I am hearing a lot of frustration on the ABCJLM Facebook Group about having a strong-willed child.
Can I just encourage you for a moment?
While there are varying degrees, raising a strong-willed child means that your child is developing…growing…maturing. Showing their desire is part of the process of learning independence and checking to see if the boundaries put up by the adult are firm. They want to see if what you say is what you mean.
Having a strong-willed child means that you are a parent. It doesn’t mean that you are a bad parent, have bad genes, or that the label “strong-willed” gives you a ticket to check out of parenting. It means that your child is normal.
Because we are born with sinful hearts, every person has a strong desire or will for their own way (Romans 3:23). I fight it on a daily basis. You do too.
Here are a few points to remember.
If your child is demanding his way, praise God that you have an opportunity to set firm boundaries around that child to bend his or her will to love God and love others (Mark 12:28-31). You have the opportunity to lovingly teach that child cause and effect before the world teaches it in a not-so-kind way. A display of will is a gift to explain to your child that she needs a Savior.
Pray for the Child
Demanding his way is a reminder for you to pray for your child. Pray for wisdom to know how to “train up” this child (Proverbs 22:6). Pray that your child’s heart will have a love for obedience.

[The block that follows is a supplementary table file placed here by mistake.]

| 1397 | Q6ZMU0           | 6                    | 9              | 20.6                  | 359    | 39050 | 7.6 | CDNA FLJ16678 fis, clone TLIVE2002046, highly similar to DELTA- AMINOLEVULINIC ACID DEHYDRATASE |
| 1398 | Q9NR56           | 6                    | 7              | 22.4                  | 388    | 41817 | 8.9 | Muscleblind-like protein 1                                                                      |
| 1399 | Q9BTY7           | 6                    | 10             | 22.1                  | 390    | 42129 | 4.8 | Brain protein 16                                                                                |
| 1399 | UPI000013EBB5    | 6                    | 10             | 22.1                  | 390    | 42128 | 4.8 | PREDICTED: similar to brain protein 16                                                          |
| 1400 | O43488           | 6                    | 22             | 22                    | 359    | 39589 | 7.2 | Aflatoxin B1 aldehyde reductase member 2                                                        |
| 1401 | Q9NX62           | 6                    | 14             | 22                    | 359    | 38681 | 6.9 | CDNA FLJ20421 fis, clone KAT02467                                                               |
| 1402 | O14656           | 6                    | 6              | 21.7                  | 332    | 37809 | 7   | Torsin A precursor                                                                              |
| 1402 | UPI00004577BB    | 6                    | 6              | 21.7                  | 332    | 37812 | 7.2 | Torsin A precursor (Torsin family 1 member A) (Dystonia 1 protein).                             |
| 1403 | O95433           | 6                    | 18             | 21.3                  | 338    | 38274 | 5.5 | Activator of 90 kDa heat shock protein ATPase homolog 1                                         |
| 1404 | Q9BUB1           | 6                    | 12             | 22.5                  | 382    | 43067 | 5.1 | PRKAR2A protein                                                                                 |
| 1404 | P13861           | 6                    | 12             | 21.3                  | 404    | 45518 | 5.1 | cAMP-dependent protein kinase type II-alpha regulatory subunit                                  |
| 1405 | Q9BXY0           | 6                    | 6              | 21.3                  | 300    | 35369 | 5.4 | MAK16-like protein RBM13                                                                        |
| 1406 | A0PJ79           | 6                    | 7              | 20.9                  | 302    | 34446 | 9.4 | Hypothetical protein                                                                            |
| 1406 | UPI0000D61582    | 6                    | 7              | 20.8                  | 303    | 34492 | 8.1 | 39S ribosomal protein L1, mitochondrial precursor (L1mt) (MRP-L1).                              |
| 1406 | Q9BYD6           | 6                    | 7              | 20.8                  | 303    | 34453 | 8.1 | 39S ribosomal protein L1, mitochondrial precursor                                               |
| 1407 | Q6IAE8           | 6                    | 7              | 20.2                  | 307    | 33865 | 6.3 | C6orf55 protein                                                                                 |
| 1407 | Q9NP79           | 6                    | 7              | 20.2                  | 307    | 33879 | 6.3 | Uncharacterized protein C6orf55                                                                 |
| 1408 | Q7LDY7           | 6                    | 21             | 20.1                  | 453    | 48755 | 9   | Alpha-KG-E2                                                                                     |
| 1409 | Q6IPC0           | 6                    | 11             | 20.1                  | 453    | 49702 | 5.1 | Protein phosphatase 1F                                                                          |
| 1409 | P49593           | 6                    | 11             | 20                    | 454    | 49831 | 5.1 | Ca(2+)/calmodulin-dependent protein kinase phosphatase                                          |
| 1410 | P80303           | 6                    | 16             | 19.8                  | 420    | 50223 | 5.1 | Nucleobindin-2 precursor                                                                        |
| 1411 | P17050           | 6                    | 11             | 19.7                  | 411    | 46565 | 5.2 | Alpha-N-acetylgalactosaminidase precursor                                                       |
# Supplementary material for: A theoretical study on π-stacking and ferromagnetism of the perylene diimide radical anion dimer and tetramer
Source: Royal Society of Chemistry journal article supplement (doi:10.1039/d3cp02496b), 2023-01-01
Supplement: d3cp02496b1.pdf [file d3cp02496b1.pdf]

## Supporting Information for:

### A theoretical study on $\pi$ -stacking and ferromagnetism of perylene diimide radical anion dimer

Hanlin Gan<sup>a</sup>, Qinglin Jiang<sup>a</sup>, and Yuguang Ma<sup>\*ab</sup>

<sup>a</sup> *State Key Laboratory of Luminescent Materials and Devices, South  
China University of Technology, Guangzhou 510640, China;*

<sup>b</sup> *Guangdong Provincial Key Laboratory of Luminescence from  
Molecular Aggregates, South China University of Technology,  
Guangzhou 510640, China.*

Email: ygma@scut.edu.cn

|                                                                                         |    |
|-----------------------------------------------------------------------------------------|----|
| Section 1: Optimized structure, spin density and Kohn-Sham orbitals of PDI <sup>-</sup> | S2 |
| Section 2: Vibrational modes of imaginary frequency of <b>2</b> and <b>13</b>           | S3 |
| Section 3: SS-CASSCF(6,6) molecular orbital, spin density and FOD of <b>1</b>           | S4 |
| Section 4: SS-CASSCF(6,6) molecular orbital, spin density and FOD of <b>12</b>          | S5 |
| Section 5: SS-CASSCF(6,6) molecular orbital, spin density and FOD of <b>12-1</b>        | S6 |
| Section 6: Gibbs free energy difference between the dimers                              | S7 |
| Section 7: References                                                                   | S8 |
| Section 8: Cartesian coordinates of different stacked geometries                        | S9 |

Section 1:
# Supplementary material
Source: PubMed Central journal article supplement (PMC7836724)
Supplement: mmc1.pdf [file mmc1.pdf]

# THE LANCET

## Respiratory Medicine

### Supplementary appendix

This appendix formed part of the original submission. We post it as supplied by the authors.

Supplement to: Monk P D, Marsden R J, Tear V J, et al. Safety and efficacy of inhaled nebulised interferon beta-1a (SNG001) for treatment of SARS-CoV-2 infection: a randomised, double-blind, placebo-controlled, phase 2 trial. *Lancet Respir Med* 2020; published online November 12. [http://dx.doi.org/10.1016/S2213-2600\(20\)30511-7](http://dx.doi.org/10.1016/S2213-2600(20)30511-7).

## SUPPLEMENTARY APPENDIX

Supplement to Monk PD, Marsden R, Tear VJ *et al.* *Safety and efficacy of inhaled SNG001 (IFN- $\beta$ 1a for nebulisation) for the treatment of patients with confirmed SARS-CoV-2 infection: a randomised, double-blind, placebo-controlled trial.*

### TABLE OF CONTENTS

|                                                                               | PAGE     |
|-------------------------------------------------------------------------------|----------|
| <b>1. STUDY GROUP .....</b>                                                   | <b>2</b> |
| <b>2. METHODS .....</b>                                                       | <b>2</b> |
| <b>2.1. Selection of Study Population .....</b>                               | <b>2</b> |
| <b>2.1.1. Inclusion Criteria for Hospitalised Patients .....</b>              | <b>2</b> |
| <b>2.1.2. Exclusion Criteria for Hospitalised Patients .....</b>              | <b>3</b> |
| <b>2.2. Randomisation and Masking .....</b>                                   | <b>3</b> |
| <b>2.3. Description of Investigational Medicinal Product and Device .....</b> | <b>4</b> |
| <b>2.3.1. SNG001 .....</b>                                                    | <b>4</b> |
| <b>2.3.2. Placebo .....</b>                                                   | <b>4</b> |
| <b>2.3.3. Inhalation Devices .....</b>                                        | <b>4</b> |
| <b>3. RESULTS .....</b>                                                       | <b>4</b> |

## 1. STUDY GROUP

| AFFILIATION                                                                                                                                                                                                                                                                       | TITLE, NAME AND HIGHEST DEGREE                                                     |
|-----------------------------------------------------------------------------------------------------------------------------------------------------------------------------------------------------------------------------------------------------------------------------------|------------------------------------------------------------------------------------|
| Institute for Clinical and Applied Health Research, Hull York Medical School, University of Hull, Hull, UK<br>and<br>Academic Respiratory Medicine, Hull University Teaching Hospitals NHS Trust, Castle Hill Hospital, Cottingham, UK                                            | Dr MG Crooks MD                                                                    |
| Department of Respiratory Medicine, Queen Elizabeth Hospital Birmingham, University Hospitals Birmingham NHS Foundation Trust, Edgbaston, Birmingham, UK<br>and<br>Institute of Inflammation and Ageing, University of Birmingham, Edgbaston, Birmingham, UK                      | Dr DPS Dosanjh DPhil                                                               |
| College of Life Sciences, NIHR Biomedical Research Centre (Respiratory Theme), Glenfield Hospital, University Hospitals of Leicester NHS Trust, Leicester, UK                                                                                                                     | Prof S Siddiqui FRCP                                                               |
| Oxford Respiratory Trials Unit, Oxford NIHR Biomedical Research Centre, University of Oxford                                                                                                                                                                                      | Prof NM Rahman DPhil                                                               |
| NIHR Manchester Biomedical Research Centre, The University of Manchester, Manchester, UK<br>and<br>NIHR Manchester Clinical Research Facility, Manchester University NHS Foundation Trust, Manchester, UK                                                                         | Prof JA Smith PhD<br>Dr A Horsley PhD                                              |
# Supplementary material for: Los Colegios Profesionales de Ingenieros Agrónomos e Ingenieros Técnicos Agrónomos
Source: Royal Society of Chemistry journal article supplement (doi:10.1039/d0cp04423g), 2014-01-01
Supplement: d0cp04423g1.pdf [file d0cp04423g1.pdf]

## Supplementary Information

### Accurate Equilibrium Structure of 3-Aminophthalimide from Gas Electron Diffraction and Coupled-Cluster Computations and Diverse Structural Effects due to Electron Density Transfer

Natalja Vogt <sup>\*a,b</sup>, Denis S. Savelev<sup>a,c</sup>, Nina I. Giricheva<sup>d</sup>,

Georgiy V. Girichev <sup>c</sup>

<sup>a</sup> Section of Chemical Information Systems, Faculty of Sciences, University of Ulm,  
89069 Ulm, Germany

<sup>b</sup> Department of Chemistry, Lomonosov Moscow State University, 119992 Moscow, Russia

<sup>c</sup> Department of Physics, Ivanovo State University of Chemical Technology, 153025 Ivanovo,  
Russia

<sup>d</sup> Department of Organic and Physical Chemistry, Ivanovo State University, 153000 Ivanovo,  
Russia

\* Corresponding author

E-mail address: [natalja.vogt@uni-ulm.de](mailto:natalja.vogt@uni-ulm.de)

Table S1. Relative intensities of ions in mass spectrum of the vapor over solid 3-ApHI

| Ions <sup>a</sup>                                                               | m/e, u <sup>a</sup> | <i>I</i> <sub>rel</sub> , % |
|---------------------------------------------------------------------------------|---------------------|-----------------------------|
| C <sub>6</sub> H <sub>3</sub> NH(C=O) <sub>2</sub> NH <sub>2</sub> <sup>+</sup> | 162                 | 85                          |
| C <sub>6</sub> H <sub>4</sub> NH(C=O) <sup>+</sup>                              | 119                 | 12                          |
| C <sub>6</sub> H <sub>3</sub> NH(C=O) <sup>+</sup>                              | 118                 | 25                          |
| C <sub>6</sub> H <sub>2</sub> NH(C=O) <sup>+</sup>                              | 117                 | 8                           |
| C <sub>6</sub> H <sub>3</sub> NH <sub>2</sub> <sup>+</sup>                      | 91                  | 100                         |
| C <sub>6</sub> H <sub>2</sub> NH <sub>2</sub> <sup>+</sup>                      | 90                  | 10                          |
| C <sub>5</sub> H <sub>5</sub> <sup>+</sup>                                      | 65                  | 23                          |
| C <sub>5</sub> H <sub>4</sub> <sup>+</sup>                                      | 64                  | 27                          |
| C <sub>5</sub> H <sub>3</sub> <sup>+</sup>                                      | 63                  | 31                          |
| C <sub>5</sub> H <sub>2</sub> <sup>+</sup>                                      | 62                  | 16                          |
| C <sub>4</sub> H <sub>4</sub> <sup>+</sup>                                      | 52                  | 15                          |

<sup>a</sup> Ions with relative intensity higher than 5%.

But, Please Don’t Label
I loved the wisdom that Alison shared on Facebook. (paraphrased)
Never allow a child to hear you labeling them a specific characteristic (i.e. liar, lazy, forgetful). I was labeled a “strong-willed child,” and I felt shame–something in me wasn’t good because I wasn’t as compliant as my sister. But just as it is important to guard what we say in our children’s earshot, what we say outside of their hearing shapes our hearts toward them.
As a mother of six, none of my children are 100% compliant. The difference with ones that are labeled “strong-willed” is simply that they are more vocal and out-front about it. But the quieter ones are just as prone to disobedience. Sometimes we overlook it because it’s not as obvious. Instead of outright argue, they may respond in a passive or passive-aggressive manner (i.e. ignore instructions, make excuses, manipulation).
Whether vocal or quiet, the child is asserting their way instead of having a teachable spirit and obedient heart. We need to remember that sin hurts our children, their fellowship with others, and ultimately their relationship with God.
The next time your child throws a fit, demands her way, or kicks the floor because you told him “No,” don’t feel alone. Don’t feel ashamed. Know that your child is normal and you have just been given a gift to show your child boundaries in a loving and logical way. And with consistency, the child will learn that he or she is safe and trust will begin to form.
Unsure what godly parenting looks like or how to put up age-appropriate boundaries?
Check out the practical tips on the ABCJLM Parenting Playlist on YouTube.